It’s no secret that being a schoolteacher is not a lucrative endeavor.
Teachers are underpaid, overworked and generally underappreciated despite doing one of the most important jobs there is — raising the leaders and decisionmakers of the future.
This is a worldwide phenomenon. In England, the number of teacher vacancies doubled from November 2020 to November 2022. In the United States, across 37 states teacher vacancies grew by 35 percent between 2021 and 2023. In Israel, nine out of 10 public schools don’t have enough educators.
Increasing student involvement
Cofounded by a schoolteacher, the education app FloWeavers is attempting to alter this gloomy trajectory.
“I love my job, but I reached a breaking point where I thought to myself, ‘Either I’m going to do this differently, or I’m going to quit,” FloWeavers cofounder Tom Azulay tells ISRAEL21c.
The FloWeavers app allows teachers to increase student involvement during — and outside — class hours, improve students’ social skills, initiate collaborative projects and provide them with a fun and simple way to navigate the educational environment.
Teachers upload tasks to the app, which students perform independently in exchange for points toward “educational incentives” such as coming without a uniform shirt for a day, switching places in the class with another student for a day, private lessons with a teacher of their choice, and more.
On paper, these steps sound like ways to placate the children. But Azulay says that using the app creates order, which makes the job of the teachers much easier.
“The education system is very tough. It doesn’t develop skills [in children], while teachers are drowning in administrative tasks irrelevant to the actual job,” says Azulay. “The day-to-day tasks of a teacher in Israel are exhausting and not interesting.”
Azulay explains that the problem stems from a lack of manpower. “Teachers are interior designers, nurses and secretaries. It chips away at you. It happens in other professions as well, but at least there, you’re compensated accordingly.”
Some of the assignments that teachers can upload to FloWeavers are their own tasks that they wish to designate to students to ease the workload.
The app also serves as an organizational aid for teaching staff, who can upload tips on staging events and activities.
From punishments to rewards
Azulay, who is currently on maternity leave, has spent the past six years teaching at a “last chance” school for troubled youth in Bat Yam, a southern suburb of Tel Aviv.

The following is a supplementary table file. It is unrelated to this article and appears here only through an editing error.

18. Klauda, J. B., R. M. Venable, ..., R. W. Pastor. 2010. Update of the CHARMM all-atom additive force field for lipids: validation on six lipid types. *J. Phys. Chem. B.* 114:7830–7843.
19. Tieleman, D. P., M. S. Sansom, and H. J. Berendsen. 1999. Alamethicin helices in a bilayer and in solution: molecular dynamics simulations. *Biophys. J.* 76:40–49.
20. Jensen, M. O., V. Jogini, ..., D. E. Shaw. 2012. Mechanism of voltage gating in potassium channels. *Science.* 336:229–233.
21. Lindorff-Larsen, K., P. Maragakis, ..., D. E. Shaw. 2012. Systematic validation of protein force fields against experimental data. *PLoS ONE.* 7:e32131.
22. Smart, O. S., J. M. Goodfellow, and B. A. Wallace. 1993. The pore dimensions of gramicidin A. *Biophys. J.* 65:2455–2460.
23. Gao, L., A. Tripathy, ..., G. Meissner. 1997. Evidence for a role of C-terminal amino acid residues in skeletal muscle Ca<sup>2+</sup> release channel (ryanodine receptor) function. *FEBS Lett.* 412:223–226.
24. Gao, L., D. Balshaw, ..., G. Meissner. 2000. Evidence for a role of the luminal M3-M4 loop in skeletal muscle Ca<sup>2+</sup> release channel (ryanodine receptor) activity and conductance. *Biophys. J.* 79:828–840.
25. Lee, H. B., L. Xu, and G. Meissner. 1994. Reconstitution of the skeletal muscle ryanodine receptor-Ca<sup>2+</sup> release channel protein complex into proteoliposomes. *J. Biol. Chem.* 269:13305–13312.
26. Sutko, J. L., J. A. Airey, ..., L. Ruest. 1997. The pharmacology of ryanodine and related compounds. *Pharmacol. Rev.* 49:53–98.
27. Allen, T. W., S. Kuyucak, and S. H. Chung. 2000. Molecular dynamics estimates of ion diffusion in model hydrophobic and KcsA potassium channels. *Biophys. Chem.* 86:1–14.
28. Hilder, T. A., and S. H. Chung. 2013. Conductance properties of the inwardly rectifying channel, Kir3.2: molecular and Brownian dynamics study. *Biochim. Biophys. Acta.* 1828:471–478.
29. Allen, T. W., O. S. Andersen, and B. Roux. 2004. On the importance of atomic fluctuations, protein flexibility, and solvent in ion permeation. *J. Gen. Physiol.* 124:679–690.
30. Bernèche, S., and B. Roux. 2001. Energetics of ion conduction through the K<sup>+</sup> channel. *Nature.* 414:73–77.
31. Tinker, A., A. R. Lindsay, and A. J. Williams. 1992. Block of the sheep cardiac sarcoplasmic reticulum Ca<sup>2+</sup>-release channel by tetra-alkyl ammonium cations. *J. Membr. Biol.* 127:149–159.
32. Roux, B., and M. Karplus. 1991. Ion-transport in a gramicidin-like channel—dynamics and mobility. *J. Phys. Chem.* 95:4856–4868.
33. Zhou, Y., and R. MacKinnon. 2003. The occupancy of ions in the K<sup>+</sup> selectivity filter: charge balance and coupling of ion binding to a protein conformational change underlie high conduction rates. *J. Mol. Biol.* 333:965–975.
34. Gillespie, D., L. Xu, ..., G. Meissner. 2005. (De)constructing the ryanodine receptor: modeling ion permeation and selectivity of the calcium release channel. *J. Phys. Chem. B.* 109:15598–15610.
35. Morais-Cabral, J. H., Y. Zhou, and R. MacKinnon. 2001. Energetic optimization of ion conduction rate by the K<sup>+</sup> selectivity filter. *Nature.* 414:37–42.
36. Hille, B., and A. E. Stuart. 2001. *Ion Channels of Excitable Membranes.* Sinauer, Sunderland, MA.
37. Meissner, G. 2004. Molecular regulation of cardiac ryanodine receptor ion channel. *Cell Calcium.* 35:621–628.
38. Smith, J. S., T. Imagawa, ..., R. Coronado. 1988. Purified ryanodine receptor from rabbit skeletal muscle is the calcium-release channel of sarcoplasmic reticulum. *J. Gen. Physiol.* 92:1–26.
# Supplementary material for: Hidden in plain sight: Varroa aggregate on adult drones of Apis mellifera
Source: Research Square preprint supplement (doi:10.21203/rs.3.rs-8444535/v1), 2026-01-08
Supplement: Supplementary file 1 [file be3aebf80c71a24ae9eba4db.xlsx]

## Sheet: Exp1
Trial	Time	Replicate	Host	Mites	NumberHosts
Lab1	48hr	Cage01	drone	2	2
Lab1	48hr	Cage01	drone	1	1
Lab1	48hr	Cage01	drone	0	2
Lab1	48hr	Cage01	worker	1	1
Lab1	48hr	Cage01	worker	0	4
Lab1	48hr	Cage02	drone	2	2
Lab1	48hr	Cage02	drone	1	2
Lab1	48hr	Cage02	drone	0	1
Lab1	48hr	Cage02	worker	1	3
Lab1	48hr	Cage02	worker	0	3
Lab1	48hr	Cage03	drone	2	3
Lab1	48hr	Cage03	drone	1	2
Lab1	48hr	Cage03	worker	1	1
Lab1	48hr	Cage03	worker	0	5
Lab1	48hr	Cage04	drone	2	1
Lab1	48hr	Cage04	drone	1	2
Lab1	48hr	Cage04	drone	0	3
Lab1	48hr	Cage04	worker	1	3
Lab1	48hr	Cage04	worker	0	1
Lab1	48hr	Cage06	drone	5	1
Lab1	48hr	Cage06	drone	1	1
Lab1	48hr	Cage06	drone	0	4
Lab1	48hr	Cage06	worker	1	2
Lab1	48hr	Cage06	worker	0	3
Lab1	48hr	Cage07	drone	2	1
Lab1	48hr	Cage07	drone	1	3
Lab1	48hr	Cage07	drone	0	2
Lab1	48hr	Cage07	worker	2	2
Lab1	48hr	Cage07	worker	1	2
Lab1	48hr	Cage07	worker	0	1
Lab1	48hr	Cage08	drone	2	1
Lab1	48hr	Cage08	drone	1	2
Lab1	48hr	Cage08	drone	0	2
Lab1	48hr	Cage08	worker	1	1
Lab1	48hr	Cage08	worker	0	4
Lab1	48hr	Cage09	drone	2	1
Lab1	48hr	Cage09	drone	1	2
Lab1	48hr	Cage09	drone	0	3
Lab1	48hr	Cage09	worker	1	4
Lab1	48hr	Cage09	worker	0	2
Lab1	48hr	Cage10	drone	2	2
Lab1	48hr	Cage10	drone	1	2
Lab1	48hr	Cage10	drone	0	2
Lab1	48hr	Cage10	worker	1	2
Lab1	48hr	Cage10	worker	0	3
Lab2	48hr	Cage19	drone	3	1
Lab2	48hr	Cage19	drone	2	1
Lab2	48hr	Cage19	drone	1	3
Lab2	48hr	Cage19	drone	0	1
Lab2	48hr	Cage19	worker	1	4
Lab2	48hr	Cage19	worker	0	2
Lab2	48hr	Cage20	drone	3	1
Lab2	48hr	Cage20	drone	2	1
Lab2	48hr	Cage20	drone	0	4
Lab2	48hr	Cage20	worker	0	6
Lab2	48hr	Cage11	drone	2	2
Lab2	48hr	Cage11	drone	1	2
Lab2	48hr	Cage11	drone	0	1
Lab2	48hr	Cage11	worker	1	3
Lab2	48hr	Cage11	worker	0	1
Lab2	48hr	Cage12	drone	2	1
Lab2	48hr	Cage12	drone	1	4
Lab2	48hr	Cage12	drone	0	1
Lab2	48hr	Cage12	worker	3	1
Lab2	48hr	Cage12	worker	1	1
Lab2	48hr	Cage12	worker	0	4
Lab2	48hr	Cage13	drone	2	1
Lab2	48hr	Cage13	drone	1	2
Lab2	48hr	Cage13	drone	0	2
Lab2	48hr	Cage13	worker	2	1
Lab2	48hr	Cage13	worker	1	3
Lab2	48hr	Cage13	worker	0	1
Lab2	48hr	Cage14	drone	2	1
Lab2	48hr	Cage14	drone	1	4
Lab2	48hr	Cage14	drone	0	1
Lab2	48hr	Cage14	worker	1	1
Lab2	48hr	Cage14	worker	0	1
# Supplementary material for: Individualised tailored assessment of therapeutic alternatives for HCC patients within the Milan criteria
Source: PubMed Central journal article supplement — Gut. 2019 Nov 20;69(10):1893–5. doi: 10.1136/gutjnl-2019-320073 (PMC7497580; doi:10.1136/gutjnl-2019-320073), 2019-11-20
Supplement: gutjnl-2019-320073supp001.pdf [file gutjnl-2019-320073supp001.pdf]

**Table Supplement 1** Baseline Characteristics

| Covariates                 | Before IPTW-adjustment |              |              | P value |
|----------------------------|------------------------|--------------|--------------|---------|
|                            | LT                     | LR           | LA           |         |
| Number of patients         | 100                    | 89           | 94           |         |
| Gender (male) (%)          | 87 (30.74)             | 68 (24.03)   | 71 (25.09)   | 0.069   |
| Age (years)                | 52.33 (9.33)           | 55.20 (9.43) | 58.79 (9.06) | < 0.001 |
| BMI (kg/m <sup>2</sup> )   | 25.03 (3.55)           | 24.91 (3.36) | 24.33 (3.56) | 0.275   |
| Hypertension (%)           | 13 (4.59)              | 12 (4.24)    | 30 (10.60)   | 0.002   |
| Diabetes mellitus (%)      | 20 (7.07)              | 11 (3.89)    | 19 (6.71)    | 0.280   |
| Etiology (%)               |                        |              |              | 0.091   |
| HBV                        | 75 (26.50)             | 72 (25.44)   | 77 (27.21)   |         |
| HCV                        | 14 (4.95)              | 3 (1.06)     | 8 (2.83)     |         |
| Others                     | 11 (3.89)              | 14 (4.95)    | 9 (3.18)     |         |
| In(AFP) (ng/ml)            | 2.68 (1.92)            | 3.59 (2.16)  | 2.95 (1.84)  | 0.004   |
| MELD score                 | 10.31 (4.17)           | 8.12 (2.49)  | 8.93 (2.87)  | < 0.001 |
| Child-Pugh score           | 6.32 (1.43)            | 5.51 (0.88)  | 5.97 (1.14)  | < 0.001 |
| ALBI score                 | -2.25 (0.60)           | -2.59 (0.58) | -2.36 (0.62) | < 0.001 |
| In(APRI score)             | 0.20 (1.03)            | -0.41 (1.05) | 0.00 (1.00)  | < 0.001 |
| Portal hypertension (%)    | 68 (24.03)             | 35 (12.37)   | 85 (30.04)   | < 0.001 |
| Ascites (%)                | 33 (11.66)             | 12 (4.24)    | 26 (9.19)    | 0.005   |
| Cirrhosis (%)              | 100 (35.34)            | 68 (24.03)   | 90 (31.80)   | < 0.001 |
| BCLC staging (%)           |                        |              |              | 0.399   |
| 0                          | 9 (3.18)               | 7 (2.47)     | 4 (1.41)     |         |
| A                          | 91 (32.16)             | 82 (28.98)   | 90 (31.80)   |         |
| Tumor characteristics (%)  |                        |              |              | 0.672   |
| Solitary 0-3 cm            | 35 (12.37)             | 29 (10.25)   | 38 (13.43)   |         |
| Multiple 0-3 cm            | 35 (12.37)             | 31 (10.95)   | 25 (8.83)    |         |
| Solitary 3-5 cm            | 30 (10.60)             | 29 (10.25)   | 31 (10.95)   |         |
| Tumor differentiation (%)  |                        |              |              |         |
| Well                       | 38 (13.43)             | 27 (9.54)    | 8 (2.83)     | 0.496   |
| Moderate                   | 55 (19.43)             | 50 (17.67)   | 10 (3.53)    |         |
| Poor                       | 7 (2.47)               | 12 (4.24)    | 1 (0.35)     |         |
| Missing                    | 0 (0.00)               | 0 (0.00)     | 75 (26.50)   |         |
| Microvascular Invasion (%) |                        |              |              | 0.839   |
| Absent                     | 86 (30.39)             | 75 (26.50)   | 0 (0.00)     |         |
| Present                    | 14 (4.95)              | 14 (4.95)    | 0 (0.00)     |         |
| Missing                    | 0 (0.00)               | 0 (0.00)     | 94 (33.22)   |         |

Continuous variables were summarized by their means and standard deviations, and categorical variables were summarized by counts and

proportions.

She began the project as a pilot for the children in her class.
“In the beginning I was worried they would ask me for Coca-Cola as a reward for doing tasks. But to my surprise they asked to play their favorite songs or watch a movie in class together. I was privileged to find out so much more about them,” she says.
“I switched from picking out punishments for things they had done wrong to picking out rewards. It changed the dynamic. The kids began coming to school everyday without me calling them every morning.”
Students who were struggling — academically or socially — began to flourish.
“I had a student who had an arsenal of discipline problems. He broke all records,” says Azulay.
“But when we started the pilot, we discovered that he has an exceptional talent at editing videos. He became the school’s unofficial video editor and the class star. His mother later hugged me with tears in her eyes.”
News of the successful pilot quickly spread to the Bat Yam municipality, which offered to pair up Azulay with tech entrepreneur Michael Malul to help the enterprise grow.
“The way Tom managed to establish a cooperation between her students would’ve been impossible under any other circumstances. I want to see it happen on a global scale,” says Malul, who ultimately cofounded FloWeavers as a corporate entity along with Azulay last March.
At the beginning, Azulay and her students used the SHAREit app to facilitate the pilot. Once Malul entered the picture, they built a dedicated app. They are now working on a desktop version that will allow younger schoolchildren to use the system without smartphones.
Since being incorporated, FloWeavers managed to raise over half a million dollars from private investors, and has been adopted by three schools in Israel as well as a school in Brazil.
“We’re talking to five other schools [in Israel], with plans to expand to the US,” adds Malul.
Does the world need it?
“There are places such as Denmark, where the education system is different. But those are few and far between,” explains Malul.
“The US is similar to Israel — children sit in a classroom and absorb for hours. Each one of us has unique qualities, but the education system doesn’t acknowledge them — it’s an assembly line.”
For more information click here.